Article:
Of course, watching a screen, regardless of why does not promote proprioceptive and vestibular development. This impairs learning and reduces our brain’s capacity for understanding, meaning, creativity, memory and higher order thinking skills. “Screen time” actually blocks healthy neural development by keeping a child inactive and releasing stress hormones into the body first adrenaline rushes followed by cortisol to recreate homeostasis. Thereafter, learning is impaired for at least 24 hours. The research shows that when rats (often studied because their brain structure is similar to humans) are stressed and without physical activity (like in front of a screen or in the classroom) they lose neurons in the all-important hippocampus (an area of the brain critical to learning, memory and emotion).
Rudolph Steiner developed the Waldorf curriculum. He believed that reading requires dealing with abstractions because printed words are symbols for things not for themselves. Developmentally, children do not develop abstract reasoning in a natural manner until puberty. While we cannot delay reading until puberty there is a way to teach reading that is nourishing and health giving. Children can learn to read through the activity of writing that will arise out of the pictorial representations of letters. For example, a meaningful journey is detailed that takes the listeners over the m-ountains, to a s-nake that directs them to the w-ater where a magical f-ish appears atop the waves. These discovered letters in the drawings become the basis of many artistic, imaginative, written exercises. The book Living Alphabet by Famke Zonneveld beautifully illustrates this.
What is said about intense early learning can be said about organized sport activities. Pushing a structured or competitive activity on young children can lead to a “hardening” physically, emotionally, and psychologically. The young child’s body can start to lose its characteristic softness and flexibility. Aggressiveness and competitiveness may develop, along with an awakened self-consciousness that is not really appropriate at this stage. Free play and noncompetitive games played for the fun of it should dominate the first several years of formal school.
After the age of nine, the child changes, becoming less dreamy, more self-aware, and more independent. Also, he begins to be able to really practice, develop, and master the skills involved in a sport and may be ready for organized athletic activity. The joy of the game rather than the competitive achievement should be emphasized. Further, the activity should not become too much of a focus in a child’s life. There should be other activities and other sports. And a healthy family life should remain the priority.
For teenagers, sports and physical activity are very important. Adolescents tend to have a surplus of energy to be channeled. Otherwise, physical and emotional problems may arise. Unfortunately, with the current emphasis on early sports, many young people are burned out by the time they reach high school. Having played one hundred soccer games a year before they set foot in high school, they are ready to take a rest. The high dropout rate in youth sports means that when young people really need this outlet in their adolescent years, many have already given up on it.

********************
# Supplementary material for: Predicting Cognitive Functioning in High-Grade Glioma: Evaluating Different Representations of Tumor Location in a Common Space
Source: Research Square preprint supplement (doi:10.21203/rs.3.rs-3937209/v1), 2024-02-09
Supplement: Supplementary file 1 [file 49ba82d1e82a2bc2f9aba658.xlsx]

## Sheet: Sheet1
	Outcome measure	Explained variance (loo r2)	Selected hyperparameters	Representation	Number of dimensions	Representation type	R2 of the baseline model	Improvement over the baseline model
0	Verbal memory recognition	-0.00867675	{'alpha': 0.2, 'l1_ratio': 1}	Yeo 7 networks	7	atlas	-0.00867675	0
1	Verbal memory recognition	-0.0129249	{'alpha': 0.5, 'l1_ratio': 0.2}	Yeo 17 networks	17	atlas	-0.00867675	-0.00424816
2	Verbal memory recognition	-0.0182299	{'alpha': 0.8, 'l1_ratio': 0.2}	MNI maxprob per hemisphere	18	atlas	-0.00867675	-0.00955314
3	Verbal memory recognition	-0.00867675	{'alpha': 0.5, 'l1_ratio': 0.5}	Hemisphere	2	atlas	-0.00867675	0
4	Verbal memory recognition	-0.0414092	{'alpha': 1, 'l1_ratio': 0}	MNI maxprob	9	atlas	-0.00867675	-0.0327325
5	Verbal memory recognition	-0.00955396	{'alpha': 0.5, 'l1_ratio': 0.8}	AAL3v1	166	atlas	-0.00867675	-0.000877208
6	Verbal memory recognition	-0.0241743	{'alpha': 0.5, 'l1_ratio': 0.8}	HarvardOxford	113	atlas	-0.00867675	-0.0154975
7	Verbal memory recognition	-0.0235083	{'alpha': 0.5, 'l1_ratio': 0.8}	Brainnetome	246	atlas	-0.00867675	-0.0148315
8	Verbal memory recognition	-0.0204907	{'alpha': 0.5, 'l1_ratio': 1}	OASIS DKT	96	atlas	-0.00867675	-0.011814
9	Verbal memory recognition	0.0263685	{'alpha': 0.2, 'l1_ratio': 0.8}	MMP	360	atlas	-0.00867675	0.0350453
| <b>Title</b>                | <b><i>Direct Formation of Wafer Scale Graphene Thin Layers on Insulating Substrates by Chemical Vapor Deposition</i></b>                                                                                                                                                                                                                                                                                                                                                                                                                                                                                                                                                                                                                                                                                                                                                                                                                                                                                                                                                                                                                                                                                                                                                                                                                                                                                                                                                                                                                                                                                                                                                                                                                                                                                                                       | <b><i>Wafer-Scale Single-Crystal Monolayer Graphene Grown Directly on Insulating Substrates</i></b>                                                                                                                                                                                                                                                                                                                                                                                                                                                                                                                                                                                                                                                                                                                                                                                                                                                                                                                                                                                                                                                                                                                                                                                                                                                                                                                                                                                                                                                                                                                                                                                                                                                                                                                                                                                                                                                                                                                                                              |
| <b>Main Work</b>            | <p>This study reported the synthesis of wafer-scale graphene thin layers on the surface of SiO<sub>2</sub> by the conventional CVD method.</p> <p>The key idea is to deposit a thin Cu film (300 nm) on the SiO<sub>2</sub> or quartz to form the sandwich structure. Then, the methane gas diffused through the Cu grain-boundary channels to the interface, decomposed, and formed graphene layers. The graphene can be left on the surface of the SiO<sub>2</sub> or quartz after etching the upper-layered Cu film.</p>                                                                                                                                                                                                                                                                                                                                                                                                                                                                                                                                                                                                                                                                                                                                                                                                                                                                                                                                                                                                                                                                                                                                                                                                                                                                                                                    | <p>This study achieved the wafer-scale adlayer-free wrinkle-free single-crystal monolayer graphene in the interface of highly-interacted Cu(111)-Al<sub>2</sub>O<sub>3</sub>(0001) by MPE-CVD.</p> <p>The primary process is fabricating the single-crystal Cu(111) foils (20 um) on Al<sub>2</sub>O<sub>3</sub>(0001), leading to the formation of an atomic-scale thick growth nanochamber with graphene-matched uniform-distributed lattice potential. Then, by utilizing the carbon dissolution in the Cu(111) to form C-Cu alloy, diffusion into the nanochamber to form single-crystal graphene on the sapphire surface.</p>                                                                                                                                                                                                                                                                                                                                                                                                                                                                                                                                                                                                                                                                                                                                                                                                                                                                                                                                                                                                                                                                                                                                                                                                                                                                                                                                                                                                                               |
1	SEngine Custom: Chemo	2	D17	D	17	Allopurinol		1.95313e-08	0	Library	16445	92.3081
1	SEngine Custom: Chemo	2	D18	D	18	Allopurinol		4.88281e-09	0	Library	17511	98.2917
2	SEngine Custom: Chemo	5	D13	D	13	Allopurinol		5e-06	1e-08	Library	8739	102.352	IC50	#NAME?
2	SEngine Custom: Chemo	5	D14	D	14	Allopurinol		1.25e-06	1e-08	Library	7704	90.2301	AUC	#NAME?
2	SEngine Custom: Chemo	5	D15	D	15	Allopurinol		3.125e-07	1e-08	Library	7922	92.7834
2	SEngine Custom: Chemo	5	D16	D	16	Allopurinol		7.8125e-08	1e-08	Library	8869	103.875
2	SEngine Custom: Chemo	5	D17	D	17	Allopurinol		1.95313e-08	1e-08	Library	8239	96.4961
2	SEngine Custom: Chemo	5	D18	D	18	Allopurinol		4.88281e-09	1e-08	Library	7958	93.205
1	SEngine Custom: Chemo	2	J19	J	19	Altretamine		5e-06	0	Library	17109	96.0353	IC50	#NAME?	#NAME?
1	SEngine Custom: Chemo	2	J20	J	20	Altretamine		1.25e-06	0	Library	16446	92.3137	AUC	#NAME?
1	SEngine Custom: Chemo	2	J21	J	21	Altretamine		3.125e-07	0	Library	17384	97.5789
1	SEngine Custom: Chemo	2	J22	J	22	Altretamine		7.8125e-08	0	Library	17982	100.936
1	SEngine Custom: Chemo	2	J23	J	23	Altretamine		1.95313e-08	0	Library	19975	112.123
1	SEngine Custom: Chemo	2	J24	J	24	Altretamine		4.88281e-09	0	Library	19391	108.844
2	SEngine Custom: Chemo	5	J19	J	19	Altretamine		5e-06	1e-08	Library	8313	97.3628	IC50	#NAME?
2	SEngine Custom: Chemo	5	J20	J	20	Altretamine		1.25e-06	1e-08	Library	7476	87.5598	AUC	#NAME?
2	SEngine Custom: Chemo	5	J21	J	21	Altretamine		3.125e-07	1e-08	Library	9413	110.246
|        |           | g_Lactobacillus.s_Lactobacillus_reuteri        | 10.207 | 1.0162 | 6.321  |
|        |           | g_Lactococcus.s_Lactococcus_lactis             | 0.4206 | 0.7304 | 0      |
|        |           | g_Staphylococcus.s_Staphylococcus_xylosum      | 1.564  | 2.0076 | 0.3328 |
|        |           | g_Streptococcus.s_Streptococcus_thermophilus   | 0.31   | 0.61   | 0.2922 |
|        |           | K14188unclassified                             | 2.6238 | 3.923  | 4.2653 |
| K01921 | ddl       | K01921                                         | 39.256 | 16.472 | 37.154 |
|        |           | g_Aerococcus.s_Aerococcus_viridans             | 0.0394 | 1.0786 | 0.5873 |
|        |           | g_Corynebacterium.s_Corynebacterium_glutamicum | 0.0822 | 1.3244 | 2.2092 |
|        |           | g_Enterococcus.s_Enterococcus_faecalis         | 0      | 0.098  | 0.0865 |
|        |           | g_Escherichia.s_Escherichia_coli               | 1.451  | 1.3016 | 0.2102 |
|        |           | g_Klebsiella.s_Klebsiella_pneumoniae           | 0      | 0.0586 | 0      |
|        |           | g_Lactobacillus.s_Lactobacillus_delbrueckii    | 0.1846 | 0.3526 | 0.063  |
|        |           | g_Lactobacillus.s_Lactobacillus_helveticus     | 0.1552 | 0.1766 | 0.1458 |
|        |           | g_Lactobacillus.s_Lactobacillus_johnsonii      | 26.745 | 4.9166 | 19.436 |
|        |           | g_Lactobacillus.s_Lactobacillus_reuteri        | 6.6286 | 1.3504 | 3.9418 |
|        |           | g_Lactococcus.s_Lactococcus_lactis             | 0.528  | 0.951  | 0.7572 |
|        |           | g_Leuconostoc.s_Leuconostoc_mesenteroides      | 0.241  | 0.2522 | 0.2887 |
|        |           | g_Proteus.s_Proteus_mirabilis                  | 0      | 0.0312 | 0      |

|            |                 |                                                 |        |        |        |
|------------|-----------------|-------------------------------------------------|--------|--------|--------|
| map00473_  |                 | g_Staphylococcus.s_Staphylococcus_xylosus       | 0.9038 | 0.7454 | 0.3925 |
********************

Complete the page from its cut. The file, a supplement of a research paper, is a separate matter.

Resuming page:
The American Academy of Pediatrics released the following statement in 2000:
Those who participate in a variety of sports and specialize only after reaching puberty tend to be more consistent performers, have fewer injuries, and adhere to sports play longer than those who specialize early.
In early reading, organized sports and in many areas of modern life the adult world is impinging on the world of childhood. Parents and teachers must work together to see that children are protected from the trend of rushing the child. Free play both indoors and outdoors and simple noncompetitive games are what is needed for the child’s healthy development. This, of course, includes many other assumptions such as that the diet is a balanced one, based on a variety of whole, natural foods. If there is no local neighborhood parents can create an intentional neighborhood with safe venue, some equipment, rules and minimal supervision. These ideas are discussed further in the article titled, Truly Winning.
Caine, Renate & Geoffrey Caine. Making Connections: Teaching and the Human Brain.
Dennison, Ph.D., Paul & Gail Dennison. Brain Gym, Teacher’s Edition Revised.
Eliot, Ph.D., Lise. What’s Going On in There?: How the Brain and Mind Develop in the First Five Years of Life.
Jensen, Eric. Completing the Puzzle: The Brain-Compatible Approach to Learning. A research based guide to implementing the dramatic new learning paradigms.
Jensen, Eric. The Learning Brain.
Johnson M.D., Susan. Does Early Reading Contribute to Attention and Learning Difficulties in Our Children?
Poplawski, Thomas. Children and Sports: Finding a Healthy Balance